H&K was the original multinational PR company, an audacious business move closely followed by Burson-Marsteller, and it brought huge new revenues. Throughout the 1980s and early 90s the two companies played leapfrog for the world number one spot.

The second major innovation in PR practice pioneered by H&K was to offer both PR and lobbying services. By the early 1960s lobbying had developed a very seedy reputation and John Hill had a very low opinion of the practice. This was to change however, with his appointment of President Eisenhower’s former Press Secretary, Robert Keith Gray, to the Washington DC office, in 1961. During the 1950s the DC office had only three staff. Gray, a man of tremendous political experience and ambition, persuaded Hill to let him conduct lobbying operations, and soon began to pull in a great deal of new work [see below], and by the mid-70s the hugely profitable Washington office employed 30 people.

This was the first ever fusion of lobbying and PR services, a move that other major PR companies have since followed, and one that has arguably changed the nature of politics in the USA and the rest of the world. Joseph Goulden commented in The Washingtonian in 1974, “Nothing quite like Hill and Knowlton exists anywhere else in the city’s lawyer-government-lobbyist establishments. What H&K sells… is manipulation of the governmental process – in Congress, the regulatory agencies, the executive departments”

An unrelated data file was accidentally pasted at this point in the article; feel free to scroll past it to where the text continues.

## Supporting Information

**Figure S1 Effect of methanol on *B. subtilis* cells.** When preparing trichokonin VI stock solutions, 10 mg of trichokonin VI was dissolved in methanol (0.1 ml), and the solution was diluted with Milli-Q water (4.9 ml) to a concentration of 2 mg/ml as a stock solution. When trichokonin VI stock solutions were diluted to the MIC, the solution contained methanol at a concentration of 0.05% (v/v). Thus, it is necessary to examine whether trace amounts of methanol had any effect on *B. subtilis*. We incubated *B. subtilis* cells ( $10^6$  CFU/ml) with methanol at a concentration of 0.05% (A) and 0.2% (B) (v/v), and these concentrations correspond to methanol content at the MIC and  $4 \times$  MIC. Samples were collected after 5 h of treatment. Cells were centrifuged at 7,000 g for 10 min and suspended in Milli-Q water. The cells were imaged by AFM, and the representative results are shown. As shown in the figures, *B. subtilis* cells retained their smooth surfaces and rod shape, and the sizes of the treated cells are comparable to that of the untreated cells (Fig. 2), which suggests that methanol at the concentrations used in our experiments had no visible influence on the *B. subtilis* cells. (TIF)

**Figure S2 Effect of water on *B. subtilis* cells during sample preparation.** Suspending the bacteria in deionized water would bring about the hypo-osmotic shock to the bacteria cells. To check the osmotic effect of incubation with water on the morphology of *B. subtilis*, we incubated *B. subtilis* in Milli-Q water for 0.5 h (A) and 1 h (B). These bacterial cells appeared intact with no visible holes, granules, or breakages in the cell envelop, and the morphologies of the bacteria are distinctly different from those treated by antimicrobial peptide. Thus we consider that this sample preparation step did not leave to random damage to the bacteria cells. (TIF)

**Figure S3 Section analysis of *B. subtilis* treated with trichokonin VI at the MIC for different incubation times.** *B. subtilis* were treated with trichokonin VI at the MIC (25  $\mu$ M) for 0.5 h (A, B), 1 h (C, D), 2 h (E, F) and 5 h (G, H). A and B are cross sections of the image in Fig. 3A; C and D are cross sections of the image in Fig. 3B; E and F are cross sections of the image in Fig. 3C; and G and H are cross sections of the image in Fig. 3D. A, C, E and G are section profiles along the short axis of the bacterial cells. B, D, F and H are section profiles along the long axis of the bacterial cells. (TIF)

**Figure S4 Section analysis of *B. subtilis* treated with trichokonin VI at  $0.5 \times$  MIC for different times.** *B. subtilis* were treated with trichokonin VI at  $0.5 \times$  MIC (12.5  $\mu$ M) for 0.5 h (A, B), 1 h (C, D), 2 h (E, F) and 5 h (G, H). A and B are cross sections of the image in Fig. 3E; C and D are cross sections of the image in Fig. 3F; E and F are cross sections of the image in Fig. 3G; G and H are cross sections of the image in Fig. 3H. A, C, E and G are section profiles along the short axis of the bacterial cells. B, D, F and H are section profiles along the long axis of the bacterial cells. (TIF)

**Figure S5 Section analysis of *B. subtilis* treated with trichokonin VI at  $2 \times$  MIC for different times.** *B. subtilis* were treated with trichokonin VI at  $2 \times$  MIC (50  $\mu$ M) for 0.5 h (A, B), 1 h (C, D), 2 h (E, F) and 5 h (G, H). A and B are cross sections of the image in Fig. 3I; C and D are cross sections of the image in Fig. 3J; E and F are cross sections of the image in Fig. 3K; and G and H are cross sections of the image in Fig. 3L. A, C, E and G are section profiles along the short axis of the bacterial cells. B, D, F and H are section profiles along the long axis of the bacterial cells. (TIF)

In July 1980, J Walter Thompson, the advertising agency, bought H&K. In 1987, the communications conglomerate WPP Group in turn, acquired JWT.

H&K’s acquisition by the WPP Group brought many changes to its existing culture. John Hill had a reputation for sticking to his (highly conservative and business friendly) principles and refusing jobs of which he did not approve. However, as part of the debt-laden WPP Group and under the leadership of new CEO Robert Dilenschneider, profitability became the paramount concern. A string of controversial accounts such as that for the National Conference of Bishops and the Church of Scientology [see below] caused considerable internal dispute within H&K leading to resignations and a tarnishing of its image. As a result of these troubles, H&K began to lose business and revenue in the early nineties, particularly in the USA. Under new management structures it has now largely recovered from these difficulties.